In terms of the VMM code, the handler for the OS Not Found dialog command looks something like so:

int __cdecl OSNotFoundHandler()
   if (!IsVMInPrivilegedMode()) /* CPL=0 check */
     log error message;
     return -1;

   load string resources;
   display message box;

   return somefunc();

Our mission here is really to just patch out the existing code with something that knows how to talk to take data from the guest and move it to the kernel debugger, and vice versa. A naive approach might be to try and access the guest’s registers and use them to convey the data words to transfer (it would appear that many of the I/O port handlers do have access to the guest’s registers as many of the I/O port commands modify the register data of the guest), but this approach would incur a large number of VM exits and therefore be suboptimal.

A better approach would be to create some sort of shared memory region in the VM and then simply use the I/O port command as a signal that data is ready to be sent or that the VM is now waiting for data to be received. (The execution of the VM, or at least the current virtual CPU, appears to be suspended while the I/O port handler is running. In the case of the kernel debugger, all but one CPU would be halted while a KdSendPacket or KdReceivePacket call is being made, making the call essentially one that blocks execution of the entire VM until it returns.)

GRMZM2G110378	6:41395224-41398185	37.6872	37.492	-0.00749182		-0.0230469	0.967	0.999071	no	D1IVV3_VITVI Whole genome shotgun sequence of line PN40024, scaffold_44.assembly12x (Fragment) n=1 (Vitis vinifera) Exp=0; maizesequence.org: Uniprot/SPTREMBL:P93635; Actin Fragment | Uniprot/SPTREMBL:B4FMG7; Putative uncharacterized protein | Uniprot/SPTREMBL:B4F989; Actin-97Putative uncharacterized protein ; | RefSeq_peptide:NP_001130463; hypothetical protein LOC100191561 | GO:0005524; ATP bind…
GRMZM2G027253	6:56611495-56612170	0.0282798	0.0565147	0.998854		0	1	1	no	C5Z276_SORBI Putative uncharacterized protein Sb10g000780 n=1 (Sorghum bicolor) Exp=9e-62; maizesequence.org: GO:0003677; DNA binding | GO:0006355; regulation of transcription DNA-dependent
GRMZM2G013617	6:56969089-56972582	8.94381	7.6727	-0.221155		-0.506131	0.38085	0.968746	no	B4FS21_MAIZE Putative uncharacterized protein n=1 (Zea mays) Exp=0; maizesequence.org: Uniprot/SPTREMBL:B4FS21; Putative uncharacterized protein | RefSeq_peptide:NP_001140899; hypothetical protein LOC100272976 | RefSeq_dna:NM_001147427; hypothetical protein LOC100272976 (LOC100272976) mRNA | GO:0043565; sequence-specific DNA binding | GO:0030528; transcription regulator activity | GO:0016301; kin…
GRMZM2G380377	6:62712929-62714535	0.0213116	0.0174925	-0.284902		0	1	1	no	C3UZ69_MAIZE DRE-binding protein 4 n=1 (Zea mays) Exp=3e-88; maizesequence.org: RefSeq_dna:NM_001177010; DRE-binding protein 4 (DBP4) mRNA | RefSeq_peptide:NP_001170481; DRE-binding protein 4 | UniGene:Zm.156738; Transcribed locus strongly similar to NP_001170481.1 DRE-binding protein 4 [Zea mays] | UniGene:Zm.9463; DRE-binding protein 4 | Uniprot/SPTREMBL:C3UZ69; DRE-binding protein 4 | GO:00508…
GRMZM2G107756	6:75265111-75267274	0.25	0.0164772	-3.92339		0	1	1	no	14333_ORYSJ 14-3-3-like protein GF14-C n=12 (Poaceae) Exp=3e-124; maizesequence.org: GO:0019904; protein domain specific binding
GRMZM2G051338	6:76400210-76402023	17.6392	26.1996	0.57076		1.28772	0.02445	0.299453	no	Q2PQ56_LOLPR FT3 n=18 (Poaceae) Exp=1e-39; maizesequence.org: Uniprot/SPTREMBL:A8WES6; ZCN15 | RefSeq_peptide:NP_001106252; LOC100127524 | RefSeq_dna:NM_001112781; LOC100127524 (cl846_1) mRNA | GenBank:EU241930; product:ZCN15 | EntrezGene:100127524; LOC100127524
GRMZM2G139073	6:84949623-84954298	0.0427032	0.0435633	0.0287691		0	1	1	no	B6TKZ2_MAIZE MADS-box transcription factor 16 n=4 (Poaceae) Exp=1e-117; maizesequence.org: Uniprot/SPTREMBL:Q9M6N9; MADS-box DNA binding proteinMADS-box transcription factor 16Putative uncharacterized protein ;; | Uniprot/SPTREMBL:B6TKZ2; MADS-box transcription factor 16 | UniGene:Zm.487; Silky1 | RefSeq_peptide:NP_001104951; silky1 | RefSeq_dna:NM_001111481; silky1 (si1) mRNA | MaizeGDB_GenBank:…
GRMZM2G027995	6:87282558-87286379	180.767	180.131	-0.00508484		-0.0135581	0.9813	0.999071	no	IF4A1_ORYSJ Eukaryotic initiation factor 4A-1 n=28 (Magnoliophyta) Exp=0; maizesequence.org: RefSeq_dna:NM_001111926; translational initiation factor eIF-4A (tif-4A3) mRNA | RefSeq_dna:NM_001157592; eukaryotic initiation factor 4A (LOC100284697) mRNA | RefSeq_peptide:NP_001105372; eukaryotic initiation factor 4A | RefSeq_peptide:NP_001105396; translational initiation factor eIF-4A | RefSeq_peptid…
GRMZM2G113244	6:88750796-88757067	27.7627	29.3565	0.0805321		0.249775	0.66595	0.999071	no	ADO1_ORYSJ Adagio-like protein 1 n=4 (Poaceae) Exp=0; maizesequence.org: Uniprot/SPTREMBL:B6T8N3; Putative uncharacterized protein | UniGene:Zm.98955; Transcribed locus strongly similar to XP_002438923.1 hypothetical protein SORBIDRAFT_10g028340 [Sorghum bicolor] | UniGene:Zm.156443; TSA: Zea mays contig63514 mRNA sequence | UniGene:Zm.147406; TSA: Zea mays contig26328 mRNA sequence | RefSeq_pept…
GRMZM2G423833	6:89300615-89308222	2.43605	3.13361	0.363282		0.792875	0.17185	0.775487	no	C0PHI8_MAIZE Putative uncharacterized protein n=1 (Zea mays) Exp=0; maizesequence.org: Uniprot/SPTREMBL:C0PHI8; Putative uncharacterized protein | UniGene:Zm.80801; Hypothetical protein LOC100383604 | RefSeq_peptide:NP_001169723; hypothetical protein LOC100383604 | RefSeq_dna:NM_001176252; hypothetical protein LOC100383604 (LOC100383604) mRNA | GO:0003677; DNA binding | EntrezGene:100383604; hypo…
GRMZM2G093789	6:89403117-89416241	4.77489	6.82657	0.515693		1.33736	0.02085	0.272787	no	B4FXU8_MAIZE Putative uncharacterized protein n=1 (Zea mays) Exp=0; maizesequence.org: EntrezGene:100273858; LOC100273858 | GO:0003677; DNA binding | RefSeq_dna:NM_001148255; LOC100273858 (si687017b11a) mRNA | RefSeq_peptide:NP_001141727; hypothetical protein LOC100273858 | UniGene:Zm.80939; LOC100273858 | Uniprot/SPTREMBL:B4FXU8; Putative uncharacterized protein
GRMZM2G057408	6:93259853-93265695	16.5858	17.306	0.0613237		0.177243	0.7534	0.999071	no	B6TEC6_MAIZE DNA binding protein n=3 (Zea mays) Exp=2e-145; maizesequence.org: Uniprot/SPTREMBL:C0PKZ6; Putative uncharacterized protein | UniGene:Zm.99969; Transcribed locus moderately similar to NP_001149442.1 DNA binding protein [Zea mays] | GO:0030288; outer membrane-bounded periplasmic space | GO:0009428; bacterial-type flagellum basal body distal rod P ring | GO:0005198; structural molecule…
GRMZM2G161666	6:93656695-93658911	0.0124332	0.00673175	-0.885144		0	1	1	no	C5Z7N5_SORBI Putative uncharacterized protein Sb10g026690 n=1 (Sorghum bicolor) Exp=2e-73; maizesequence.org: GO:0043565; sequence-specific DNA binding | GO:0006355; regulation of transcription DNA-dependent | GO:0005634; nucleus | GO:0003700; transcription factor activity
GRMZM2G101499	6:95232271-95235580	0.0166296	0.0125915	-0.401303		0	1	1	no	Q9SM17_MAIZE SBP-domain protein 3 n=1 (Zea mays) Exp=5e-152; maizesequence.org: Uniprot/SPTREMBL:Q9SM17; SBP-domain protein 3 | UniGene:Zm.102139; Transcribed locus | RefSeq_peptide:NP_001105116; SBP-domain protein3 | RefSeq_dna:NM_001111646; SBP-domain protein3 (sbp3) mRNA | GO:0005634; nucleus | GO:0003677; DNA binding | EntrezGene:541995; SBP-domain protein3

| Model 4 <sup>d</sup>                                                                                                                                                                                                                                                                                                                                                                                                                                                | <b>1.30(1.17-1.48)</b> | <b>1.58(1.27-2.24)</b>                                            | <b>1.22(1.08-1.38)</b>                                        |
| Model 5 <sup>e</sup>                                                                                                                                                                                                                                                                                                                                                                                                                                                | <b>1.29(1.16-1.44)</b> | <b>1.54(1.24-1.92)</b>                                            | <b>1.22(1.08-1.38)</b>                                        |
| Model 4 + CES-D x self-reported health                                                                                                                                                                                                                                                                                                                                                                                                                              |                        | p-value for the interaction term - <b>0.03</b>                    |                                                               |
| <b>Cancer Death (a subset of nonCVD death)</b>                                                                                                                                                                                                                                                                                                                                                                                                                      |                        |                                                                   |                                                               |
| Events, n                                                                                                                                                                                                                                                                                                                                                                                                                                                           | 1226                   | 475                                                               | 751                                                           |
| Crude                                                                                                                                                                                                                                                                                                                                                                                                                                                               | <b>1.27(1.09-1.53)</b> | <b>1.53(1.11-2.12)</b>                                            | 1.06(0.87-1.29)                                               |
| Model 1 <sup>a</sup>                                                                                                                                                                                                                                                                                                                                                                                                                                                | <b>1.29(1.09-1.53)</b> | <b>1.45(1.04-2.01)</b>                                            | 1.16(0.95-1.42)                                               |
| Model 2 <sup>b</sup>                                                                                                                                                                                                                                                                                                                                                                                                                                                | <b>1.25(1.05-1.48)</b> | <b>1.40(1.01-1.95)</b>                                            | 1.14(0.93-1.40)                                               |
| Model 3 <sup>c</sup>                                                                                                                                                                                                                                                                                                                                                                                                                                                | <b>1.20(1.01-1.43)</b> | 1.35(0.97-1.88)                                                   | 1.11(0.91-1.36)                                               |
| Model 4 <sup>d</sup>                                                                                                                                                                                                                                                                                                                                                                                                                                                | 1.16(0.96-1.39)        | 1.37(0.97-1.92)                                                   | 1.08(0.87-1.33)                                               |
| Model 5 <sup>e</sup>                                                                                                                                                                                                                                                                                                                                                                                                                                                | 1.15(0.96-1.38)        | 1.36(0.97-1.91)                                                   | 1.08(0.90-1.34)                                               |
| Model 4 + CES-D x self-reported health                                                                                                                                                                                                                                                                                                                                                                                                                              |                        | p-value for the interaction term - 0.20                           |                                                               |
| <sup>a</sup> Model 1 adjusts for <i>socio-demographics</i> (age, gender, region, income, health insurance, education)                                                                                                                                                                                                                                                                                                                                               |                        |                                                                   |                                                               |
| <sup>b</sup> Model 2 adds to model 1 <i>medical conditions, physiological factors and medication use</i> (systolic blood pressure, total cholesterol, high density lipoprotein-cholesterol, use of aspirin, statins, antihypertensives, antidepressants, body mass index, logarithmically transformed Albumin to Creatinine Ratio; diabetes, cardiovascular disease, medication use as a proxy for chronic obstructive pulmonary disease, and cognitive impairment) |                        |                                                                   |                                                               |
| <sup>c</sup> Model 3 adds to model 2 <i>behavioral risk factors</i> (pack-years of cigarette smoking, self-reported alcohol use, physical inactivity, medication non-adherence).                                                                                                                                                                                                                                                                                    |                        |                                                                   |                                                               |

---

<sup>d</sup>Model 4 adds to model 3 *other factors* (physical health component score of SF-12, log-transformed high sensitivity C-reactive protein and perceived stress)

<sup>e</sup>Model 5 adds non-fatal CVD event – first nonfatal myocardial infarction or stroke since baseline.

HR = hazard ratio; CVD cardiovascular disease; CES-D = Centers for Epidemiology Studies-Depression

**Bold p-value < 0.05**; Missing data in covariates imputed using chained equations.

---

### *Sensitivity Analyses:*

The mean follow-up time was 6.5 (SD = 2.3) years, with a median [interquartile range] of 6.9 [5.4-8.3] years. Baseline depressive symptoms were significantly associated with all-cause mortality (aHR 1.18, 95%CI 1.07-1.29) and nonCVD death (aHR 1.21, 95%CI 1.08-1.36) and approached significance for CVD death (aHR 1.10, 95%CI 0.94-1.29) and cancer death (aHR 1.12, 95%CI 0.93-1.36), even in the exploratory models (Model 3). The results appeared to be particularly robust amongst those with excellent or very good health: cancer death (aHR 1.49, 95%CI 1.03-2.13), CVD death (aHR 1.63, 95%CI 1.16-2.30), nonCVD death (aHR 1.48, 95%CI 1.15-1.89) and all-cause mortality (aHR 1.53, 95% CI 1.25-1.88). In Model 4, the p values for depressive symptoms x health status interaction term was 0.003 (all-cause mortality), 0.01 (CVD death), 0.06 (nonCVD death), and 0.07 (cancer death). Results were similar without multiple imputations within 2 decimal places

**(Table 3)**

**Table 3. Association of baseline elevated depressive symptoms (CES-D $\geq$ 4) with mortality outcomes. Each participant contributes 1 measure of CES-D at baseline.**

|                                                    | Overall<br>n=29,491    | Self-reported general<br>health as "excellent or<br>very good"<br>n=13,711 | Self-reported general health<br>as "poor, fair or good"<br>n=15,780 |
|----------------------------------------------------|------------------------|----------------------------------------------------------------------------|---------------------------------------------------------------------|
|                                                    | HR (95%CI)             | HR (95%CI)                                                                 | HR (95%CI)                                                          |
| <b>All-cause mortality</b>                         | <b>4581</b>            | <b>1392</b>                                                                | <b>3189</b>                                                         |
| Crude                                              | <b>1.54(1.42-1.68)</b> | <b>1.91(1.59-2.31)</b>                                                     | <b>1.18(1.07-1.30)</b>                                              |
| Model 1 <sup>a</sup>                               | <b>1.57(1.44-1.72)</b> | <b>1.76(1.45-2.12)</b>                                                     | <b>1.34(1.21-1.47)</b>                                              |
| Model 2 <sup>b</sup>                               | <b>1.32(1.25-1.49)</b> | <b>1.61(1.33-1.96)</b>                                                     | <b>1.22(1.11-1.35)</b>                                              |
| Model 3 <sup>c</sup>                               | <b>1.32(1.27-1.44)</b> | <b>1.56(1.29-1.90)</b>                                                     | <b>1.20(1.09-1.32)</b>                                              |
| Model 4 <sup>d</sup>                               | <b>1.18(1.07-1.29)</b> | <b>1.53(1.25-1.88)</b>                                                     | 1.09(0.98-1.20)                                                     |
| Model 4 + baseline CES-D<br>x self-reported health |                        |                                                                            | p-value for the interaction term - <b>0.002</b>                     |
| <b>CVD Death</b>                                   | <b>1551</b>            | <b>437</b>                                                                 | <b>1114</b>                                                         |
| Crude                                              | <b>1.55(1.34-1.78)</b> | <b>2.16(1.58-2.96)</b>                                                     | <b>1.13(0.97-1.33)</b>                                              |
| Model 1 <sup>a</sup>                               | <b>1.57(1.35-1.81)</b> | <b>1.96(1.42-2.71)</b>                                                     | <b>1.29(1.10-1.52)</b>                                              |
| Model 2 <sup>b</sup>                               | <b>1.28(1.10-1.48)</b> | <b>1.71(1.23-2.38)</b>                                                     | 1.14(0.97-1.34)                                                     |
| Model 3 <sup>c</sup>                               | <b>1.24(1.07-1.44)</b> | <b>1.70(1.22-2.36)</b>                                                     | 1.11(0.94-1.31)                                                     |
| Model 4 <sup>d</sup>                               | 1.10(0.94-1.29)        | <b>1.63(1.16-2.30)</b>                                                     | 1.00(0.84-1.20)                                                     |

There’s a slight problem with this approach, however. There needs to be a way to communicate the address of the shared memory region from the guest to the modified VMM code, and then the modified VMM code needs to be able to translate the address supplied by the guest to an address in the VMM’s address space host-side. While the VMware VMM most assuredly has some sort of capability to do this, finding it and using it would make the (already somewhat invasive) patches to the VMM even more likely to break across VMware versions, making such an address translation approach undesirable from the perspective of someone doing this without the help of the actual vendor.